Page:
Inflammatory Lesions in Hamsters
Skin abscesses are essentially infected pockets of pus under the skin. In hamsters, they are usually caused by bacterial infections from wounds received during fights with cage mates or from injuries caused by sharp objects found in the cage such as wood shavings.
When encountered, skin abscesses should be immediately assessed and treated by a veterinarian to prevent the infection from spreading throughout the hamster’s body.
Skin abscesses are often located around the hamster's head, though they can occur anywhere on the body. The swelling may be felt or seen beneath the hair, and the area will be red and sensitive to your touch. If the abscess has ripened then it pits when pressure is applied. A hamster's cheeks and lymph nodes around the neck may even be swollen if the infection is severe. If the abscess ruptures, pus may ooze out and soil the surrounding hair.
Skin abscesses may occur after bite wounds or other trauma sites become infected. Injuries received from sharp objects such as wood shavings can also lead to infection and abscesses.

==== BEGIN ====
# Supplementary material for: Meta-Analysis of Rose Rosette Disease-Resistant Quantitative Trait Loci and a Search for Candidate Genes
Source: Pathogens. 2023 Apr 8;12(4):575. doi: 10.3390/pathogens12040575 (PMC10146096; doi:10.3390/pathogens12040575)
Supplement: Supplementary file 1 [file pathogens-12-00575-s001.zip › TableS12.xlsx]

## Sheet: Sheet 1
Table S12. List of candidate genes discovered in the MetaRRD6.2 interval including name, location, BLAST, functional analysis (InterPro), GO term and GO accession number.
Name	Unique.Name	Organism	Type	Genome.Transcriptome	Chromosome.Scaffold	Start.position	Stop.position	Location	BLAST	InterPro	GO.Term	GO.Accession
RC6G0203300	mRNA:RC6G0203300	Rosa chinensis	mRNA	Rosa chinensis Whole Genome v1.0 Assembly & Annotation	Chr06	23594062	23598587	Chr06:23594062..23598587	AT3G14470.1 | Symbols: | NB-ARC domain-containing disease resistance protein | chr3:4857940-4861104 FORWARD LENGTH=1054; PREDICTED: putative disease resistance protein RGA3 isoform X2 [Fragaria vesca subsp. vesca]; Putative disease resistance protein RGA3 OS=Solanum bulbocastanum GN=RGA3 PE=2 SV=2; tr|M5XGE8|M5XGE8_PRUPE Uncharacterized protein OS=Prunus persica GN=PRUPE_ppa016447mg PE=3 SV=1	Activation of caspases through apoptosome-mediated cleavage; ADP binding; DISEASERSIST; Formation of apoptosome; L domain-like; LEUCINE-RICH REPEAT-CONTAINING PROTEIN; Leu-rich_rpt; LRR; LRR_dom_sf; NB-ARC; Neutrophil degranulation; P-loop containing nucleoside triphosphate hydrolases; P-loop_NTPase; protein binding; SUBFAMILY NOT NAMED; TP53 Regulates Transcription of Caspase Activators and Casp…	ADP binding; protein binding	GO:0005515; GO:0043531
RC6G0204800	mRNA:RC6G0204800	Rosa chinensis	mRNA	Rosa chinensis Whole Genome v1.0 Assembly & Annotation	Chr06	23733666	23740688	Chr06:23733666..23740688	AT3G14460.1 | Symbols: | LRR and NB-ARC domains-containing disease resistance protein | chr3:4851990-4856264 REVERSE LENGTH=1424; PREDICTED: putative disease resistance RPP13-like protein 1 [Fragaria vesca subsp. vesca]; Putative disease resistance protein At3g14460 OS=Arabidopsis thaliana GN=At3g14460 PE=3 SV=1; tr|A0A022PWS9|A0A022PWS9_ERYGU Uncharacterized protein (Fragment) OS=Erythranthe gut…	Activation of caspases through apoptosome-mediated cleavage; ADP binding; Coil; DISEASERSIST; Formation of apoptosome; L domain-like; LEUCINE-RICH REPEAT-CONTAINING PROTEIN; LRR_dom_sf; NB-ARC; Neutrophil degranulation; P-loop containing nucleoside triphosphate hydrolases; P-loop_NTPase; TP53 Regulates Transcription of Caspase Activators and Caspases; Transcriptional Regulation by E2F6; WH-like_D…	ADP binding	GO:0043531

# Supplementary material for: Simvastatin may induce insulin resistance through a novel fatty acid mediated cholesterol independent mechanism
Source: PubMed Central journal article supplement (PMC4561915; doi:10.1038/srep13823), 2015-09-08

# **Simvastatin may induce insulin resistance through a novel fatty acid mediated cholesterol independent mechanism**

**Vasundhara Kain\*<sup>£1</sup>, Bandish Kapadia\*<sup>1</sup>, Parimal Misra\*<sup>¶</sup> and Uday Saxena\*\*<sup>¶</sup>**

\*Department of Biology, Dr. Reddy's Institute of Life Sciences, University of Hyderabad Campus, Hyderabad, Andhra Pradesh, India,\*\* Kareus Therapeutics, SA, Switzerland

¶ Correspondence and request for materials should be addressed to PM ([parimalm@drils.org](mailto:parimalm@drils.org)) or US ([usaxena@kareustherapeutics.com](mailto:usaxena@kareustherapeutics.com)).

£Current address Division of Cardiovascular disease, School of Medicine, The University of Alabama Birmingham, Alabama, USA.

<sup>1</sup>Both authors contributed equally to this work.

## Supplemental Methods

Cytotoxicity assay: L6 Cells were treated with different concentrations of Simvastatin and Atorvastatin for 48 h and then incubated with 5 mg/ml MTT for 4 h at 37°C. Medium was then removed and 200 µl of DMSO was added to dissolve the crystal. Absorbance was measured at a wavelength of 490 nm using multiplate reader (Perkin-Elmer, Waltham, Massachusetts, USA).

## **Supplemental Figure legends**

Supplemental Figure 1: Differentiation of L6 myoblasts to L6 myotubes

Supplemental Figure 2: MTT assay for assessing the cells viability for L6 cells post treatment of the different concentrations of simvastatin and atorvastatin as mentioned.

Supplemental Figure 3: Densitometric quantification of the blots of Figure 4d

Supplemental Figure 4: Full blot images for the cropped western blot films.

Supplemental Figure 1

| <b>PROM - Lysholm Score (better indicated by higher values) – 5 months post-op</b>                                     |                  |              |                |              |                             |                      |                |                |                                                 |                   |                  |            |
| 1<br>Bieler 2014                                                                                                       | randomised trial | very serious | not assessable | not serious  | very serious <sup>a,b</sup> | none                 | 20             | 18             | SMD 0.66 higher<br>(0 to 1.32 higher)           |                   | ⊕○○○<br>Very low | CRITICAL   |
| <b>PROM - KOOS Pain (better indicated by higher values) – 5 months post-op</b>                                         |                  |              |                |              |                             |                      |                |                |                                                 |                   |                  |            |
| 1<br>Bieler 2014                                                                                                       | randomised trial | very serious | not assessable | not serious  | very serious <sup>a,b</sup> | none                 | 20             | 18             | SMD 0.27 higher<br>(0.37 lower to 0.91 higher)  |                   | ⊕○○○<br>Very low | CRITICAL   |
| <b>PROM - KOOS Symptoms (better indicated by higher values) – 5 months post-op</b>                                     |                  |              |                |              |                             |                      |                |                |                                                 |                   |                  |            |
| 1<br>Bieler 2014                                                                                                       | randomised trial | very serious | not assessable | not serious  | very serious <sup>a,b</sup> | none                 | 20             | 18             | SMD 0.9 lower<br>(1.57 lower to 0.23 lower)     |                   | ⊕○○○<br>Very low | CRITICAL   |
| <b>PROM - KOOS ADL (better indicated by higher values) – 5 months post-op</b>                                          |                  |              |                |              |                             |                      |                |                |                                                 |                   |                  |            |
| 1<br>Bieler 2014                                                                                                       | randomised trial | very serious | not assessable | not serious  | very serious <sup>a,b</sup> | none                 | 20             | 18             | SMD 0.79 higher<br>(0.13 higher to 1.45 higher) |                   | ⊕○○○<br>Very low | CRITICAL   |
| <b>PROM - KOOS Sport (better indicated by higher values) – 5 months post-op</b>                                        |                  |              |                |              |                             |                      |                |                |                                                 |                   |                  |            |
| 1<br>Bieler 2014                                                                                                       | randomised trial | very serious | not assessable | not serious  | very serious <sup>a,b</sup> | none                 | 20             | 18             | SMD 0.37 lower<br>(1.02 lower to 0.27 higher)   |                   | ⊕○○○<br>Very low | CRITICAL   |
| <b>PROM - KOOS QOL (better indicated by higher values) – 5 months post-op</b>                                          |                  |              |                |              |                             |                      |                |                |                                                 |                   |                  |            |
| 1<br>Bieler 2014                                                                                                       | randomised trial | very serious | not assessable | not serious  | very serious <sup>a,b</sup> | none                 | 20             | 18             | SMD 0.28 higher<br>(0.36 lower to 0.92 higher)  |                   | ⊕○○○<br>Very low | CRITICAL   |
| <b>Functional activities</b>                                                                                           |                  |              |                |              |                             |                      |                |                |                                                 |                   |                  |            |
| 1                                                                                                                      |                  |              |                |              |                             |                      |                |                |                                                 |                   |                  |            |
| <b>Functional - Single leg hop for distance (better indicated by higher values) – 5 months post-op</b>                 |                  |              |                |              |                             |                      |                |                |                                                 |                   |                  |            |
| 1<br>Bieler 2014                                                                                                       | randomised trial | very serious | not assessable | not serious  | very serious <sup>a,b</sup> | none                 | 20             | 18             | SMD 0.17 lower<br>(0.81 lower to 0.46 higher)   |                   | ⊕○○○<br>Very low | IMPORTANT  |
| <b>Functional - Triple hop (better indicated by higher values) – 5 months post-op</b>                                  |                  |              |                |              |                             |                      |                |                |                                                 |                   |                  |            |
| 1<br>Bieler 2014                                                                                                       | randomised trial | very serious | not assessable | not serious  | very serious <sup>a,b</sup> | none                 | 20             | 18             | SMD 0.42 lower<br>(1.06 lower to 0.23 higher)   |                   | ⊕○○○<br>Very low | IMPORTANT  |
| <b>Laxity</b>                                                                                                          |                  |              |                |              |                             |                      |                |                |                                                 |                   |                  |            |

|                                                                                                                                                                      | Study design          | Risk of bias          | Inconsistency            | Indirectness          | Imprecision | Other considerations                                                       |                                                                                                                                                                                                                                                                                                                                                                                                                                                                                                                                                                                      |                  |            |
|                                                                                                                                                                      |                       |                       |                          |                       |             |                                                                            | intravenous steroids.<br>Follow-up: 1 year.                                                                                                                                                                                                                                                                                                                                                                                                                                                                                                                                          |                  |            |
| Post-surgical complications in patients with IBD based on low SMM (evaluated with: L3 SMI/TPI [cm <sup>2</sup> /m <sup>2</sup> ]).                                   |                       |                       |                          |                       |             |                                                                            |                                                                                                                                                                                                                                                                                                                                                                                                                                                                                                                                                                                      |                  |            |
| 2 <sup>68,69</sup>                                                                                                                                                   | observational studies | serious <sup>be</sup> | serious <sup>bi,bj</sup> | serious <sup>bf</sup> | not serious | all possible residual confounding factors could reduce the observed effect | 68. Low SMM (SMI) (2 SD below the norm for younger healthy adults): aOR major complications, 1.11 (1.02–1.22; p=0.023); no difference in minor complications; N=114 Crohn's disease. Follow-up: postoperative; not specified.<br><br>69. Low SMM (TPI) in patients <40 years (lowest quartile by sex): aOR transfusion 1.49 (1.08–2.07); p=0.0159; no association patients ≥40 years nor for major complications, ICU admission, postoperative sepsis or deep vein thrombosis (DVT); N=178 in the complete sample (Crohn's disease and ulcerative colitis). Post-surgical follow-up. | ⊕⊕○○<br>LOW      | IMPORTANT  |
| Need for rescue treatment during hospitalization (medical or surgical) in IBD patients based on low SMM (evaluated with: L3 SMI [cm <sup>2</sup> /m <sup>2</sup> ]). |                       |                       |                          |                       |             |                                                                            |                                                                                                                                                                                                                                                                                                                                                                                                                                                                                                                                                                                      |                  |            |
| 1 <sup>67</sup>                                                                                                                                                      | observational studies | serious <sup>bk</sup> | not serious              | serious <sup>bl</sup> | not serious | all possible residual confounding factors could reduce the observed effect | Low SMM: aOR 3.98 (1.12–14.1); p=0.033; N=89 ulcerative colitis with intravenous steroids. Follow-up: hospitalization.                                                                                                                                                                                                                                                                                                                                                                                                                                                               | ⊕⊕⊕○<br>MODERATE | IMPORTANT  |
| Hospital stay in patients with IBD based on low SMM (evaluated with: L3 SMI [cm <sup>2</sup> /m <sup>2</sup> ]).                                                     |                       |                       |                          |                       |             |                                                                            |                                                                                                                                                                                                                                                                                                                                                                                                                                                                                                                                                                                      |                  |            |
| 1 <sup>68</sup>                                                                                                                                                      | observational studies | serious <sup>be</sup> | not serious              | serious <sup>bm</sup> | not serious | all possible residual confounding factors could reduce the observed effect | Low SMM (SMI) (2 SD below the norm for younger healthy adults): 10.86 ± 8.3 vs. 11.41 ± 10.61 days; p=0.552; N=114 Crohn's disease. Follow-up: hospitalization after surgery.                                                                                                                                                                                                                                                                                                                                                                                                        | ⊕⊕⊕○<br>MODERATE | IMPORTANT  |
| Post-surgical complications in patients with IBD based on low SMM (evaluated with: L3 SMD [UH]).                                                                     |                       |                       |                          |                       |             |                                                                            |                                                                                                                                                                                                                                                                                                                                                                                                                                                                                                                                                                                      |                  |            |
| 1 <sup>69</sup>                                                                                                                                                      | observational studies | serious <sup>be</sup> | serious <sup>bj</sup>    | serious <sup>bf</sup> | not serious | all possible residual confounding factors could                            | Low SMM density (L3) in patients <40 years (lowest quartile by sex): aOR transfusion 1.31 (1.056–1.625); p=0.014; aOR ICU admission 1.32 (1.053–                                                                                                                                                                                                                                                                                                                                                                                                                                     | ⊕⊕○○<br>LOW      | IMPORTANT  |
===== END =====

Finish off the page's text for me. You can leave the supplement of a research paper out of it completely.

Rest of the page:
A physical examination will be used to differentiate from other common skin conditions such as cysts and hematomas. The examination will include puncturing the abscess and collecting blood and/or pus samples to identify the type of bacteria causing the infection.
Before rupturing the abscess and completely draining and flushing it with an antiseptic solution, your veterinarian will assess the abscess and decide whether to surgically remove it or apply topical heat-producing ointments, so as to ripen the abscess. (Appropriate topical antibiotic creams may be applied as needed.) Skin abscesses removed surgically often heal better than those that are lanced, drained, and flushed.
If the flank glands, which are found in males over the hip, are infected, your veterinarian may shave the area around them, clean them, and apply ointment with antibiotics and steroids.
Living and Management
If your pet hamster has undergone surgery to remove the abscess, follow all postoperative procedures as recommended by your veterinarian. Restrain the animal so that it does not groom the affected area and interfere in the healing process. In addition, consult your veterinarian about routine dressing changes for the area in which the abscess has been removed.
To best prevent skin abscesses from forming, make the hamster's cage has no sharp edges or objects that can cause injuries such as jagged wood shaving. Separating hamsters that are known to fight can also lower the chances of abscess-forming wounds from occurring.
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